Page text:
By Tina Saitone
Cooperative Extension Specialist, Livestock and Rangeland Economics

The ever-expanding suite of value-added management and marketing programs available to cattle ranchers today creates substantial ranch-level complexity. Cattlemen are faced with the challenge of determining which programs will differentiate their cattle on sale day while maximizing the profitability of their operations. Although all of these programs are likely to add costs, the additional income generated from each of these programs is uncertain. Given that lots of cattle sold typically participate in many programs and management decisions must be made months or years in advance of a sale, it is nearly impossible for a rancher to accurately forecast the premium associated with implementing any particular program. However, with the help of good data from Western Video Market (WVM) Auction and modern statistical methods we can gain considerable insights into the value associated with particular programs and management practices.

In this series of blogs, I discuss estimates of the average premiums paid by buyers for individual value-added management, marketing, and vaccination programs using data from WVM's satellite video auctions in 2017.  These results can give ranchers information about the average value that each of these programs brings on sale day. This blog series builds on an article in California Cattleman Magazine (May 2018).

WVM serves as a marketing outlet for cattle ranchers in the western United States. In 2017, more than 286,000 head were sold during 13 video-based auctions. Prices for calves and yearlings were analyzed separately. The graph below shows the distribution of lot-level average weight for steers and heifers sold in 2017. Calves were classified based on the average weight of the lot being between 450 and 650 lbs. in order to focus on price effects at time of weaning. Yearling lots had average weights in the 750- to 950- lb. range. In total, 998 lots of calves and 715 lots of yearlings were analyzed. Lots consisting of cows, pairs, and bred heifers were not included in the analysis.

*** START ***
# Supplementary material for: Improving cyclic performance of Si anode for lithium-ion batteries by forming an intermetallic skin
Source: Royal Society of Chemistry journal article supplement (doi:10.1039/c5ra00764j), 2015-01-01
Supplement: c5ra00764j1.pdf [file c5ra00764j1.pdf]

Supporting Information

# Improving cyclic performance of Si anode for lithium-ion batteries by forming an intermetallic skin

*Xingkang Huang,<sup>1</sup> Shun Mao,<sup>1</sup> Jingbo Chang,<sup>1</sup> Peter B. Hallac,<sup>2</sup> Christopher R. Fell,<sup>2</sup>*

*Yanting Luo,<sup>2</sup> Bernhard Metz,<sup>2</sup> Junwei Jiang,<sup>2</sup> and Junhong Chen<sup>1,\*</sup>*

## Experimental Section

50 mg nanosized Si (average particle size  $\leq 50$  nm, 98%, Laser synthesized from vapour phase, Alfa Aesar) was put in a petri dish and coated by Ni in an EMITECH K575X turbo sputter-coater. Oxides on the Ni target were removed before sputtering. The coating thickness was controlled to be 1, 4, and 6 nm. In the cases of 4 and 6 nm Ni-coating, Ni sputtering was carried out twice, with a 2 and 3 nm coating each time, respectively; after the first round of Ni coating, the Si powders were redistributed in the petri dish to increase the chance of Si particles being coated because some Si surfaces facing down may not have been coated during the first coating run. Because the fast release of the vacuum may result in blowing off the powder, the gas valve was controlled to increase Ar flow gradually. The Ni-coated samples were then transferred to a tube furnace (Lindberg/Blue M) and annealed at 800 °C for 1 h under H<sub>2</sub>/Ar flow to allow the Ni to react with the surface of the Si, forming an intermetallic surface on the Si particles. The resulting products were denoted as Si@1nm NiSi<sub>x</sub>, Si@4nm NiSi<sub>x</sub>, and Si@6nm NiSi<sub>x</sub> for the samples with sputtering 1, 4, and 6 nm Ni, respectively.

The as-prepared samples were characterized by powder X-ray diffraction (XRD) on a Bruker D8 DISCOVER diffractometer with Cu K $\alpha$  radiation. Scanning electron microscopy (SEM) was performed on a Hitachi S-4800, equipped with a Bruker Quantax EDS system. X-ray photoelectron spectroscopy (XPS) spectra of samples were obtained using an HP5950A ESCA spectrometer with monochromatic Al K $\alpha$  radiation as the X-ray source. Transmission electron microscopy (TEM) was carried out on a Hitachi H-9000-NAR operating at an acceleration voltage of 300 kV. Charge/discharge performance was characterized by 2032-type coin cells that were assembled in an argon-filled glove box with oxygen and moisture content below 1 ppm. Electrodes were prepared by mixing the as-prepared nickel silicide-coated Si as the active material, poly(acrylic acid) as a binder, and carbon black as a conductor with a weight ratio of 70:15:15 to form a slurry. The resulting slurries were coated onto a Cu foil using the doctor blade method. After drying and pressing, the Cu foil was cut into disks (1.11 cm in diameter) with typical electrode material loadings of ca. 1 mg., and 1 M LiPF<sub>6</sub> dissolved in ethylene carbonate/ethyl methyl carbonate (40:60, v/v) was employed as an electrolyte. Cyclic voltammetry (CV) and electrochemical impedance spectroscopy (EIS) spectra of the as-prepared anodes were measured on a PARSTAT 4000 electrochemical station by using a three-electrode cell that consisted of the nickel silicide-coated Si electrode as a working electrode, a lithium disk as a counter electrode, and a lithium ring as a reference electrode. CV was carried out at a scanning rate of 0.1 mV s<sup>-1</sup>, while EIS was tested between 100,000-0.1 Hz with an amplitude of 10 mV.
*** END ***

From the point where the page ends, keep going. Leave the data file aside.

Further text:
Lot-level characteristics (e.g., breed, sex, weight, frame score, etc.) are included in the model to control for how these factors influence price, while catalog descriptions were used to determine the value-added by specific management and marketing programs associated with each lot of cattle in the auction. Using statistical techniques and this lot-level sales information, the price paid for lots of cattle in 2017 can be decomposed by each characteristic/attribute.

In order to consider management choices and market conditions in a more comprehensive fashion, every other week I will add a new blog post to this series. Please check back regularly.

If you would like to be notified via email when additional blog posts become available, please email Tina Saitone.